Respiratory Therapist/What to expect
We thought my mother had the flu and needed to be seen at the doctors office. I took her and while they were taking her vitals, the nurse ran out of the room and came back with the Dr. in a panic. Her oxygen saturation was only at 30 and they listened to her chest and she had major congestion in all four quads. They sent her to the hospital in an ambulance.Once there they discovered her CO levels were at 103. they tried a few different ways to reduce the levels and have now had to intibate her. They say her lungs are severely damaged and that she has COPD. My father also has COPD, but we have not had this severe of an episode. What is the typical treatment for someone with the situation my mother has and should we be preparing for the worst?
Thank you so much for trusting me with this difficult question. Anything I tell you should be strictly understood as one front-line Respiratory Therapist's opinion, and by no means a definitive medical opinion...I am only able to provide an opinion based on the info you have given me. That being said, you DID give me plenty of stuff to work with.
First things first, those Oxygen and CO2 levels are critical/toxic, and not easy to bounce back from in a patient with COPD. With a CO2 of 103, in my experience, patients generally aren't alive and breathing... and if they are, they are so somnolent (knocked out/drowsy) that they are not aware of their condition or surroundings. I have never seen an O2 level as low as 30, unless you are referring to something called PaO2, which is a way of judging a person's oxygenation status from an arterial blood gas sample. The hospital personnel did the right thing in trying to normalize her before intubating her and placing her on a ventilator. Anytime an "invasive" approach can be avoided, it's better for the patient. But in many cases, intubation is the last and only resort to save a person.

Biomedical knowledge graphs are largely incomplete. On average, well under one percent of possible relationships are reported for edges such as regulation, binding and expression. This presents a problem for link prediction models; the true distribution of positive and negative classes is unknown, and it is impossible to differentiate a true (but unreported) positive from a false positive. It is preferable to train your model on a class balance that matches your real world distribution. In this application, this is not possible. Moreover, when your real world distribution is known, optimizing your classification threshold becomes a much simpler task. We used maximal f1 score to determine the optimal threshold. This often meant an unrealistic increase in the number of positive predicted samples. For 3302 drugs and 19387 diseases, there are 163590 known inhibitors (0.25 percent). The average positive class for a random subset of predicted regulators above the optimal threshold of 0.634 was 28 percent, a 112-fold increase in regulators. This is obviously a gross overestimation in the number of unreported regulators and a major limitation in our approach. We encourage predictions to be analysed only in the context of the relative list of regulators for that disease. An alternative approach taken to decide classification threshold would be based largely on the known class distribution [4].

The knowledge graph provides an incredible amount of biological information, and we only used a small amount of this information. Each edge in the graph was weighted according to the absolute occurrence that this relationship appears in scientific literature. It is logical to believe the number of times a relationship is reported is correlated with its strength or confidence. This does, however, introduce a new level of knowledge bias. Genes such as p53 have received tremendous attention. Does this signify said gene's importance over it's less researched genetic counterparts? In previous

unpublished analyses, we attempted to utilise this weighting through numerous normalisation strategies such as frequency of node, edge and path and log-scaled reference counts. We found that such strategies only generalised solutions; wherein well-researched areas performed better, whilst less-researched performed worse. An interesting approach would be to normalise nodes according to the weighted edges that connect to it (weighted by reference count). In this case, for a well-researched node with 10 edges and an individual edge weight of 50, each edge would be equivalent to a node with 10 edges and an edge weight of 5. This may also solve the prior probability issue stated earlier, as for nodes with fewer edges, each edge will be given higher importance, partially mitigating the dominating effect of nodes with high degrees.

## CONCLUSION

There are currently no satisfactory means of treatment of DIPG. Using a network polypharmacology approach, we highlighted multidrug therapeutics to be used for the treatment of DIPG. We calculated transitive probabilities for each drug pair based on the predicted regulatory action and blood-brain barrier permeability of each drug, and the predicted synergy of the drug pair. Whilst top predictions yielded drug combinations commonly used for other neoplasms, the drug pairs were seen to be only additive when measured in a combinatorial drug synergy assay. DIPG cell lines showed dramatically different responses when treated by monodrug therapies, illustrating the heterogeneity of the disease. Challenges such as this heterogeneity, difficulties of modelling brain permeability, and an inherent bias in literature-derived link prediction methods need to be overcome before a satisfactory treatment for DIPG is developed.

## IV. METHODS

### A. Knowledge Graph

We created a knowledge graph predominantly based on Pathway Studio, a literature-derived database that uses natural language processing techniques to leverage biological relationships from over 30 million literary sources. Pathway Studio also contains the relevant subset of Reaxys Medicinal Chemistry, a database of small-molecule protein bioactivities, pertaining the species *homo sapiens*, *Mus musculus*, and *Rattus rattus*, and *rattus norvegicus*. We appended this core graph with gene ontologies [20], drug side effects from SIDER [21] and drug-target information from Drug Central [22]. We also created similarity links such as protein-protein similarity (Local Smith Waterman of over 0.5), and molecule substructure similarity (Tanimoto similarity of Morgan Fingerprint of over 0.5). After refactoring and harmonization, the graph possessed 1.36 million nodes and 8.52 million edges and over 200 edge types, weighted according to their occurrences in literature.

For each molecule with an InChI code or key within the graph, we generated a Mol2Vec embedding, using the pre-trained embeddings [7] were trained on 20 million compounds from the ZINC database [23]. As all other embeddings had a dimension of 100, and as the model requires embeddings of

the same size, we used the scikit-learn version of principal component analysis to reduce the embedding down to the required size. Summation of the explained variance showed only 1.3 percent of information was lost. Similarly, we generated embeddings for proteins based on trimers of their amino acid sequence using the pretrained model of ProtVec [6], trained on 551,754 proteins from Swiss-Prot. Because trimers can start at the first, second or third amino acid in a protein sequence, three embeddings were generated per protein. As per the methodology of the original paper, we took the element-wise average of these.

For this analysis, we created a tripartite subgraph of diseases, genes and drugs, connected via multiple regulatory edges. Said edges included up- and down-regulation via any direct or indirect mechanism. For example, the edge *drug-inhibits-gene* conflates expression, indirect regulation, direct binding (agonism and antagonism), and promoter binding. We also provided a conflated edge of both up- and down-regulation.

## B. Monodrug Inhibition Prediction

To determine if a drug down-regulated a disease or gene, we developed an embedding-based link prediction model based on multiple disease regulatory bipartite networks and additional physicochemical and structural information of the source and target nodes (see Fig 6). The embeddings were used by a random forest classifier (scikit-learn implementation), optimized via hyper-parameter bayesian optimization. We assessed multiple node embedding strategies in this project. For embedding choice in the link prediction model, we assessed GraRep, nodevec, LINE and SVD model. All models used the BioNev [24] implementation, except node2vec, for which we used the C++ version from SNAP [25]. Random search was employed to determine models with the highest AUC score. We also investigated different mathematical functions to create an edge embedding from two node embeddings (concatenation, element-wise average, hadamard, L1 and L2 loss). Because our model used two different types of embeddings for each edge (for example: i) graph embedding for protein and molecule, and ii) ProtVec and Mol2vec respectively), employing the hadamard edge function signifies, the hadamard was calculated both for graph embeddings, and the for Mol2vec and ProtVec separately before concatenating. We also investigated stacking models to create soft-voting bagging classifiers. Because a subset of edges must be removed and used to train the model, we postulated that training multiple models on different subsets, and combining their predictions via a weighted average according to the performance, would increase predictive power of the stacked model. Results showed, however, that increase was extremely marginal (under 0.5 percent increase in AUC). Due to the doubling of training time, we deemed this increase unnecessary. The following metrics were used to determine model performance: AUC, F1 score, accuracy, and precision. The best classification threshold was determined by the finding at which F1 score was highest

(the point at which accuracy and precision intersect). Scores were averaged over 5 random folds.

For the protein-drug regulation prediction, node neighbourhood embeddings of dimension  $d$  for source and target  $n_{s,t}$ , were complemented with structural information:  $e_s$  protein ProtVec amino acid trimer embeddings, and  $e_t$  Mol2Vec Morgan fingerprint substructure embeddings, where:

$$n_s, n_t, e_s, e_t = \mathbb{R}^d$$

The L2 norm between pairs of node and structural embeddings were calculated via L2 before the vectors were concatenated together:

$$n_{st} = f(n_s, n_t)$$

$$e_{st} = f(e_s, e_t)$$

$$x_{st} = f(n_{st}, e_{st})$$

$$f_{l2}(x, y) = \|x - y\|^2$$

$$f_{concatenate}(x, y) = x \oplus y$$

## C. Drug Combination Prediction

A person with COPD is generally a long-time smoker with lungs that are not fully capable of healing themselves adequately. The toxins in cigarettes, such as tar, nicotene, formaldahyde (yes, the stuff body's are embalmed with) cling to the lungs over the long term and lead to damage to the walls of the lungs that block normal expansion and oxygenation. That congestion the doctor heard was likely a combination of lung sounds we call "crackles" and "rhonchi", which relate to thick mucus the lungs are too weak to clear, along with air pockets (alveoli) that are collapsed and not functioning.
"Typical" treatment is supporting the lungs on the ventilator so that the lungs can be forced to properly ventilate and oxygenate, along with suctioning the lungs out aggressively to remove as much of the problematic mucus as possible. At times, a procedure called a "bronchoscopy" will be performed (both diagnostically and/or therapeutically) so that a doctor can see all the way down into the lowest regions of the lungs to pinpoint exactly where the lungs are failing. I would also anticipate a large amount of of inhaled bronchodilators and steroids in an attempt to open the airways up and decrease the inflammation that may be contributing to the problems. Also, I am sure she will be given doses of antibiotics, flu and pneumonia vaccines if she hasn't had them already, and just good old fashioned time to allow the lungs to rest and heal. Best scenario is a complete recovery, and she quits smoking completely. Worst case scenario is that her lungs are too sick to fully accept and respond to the course of treatment, and her body's systems start failing one by one. I sincerely hope this is NOT the case, but I feel that you deserve complete honesty as to what can happen in cases similar to your mother's.
I sincerely help this response was helpful. I realize it was not the most optimistic response, but again, I am simply going by what I see every day in critical care clinical practice. Best of luck and health to you and your family.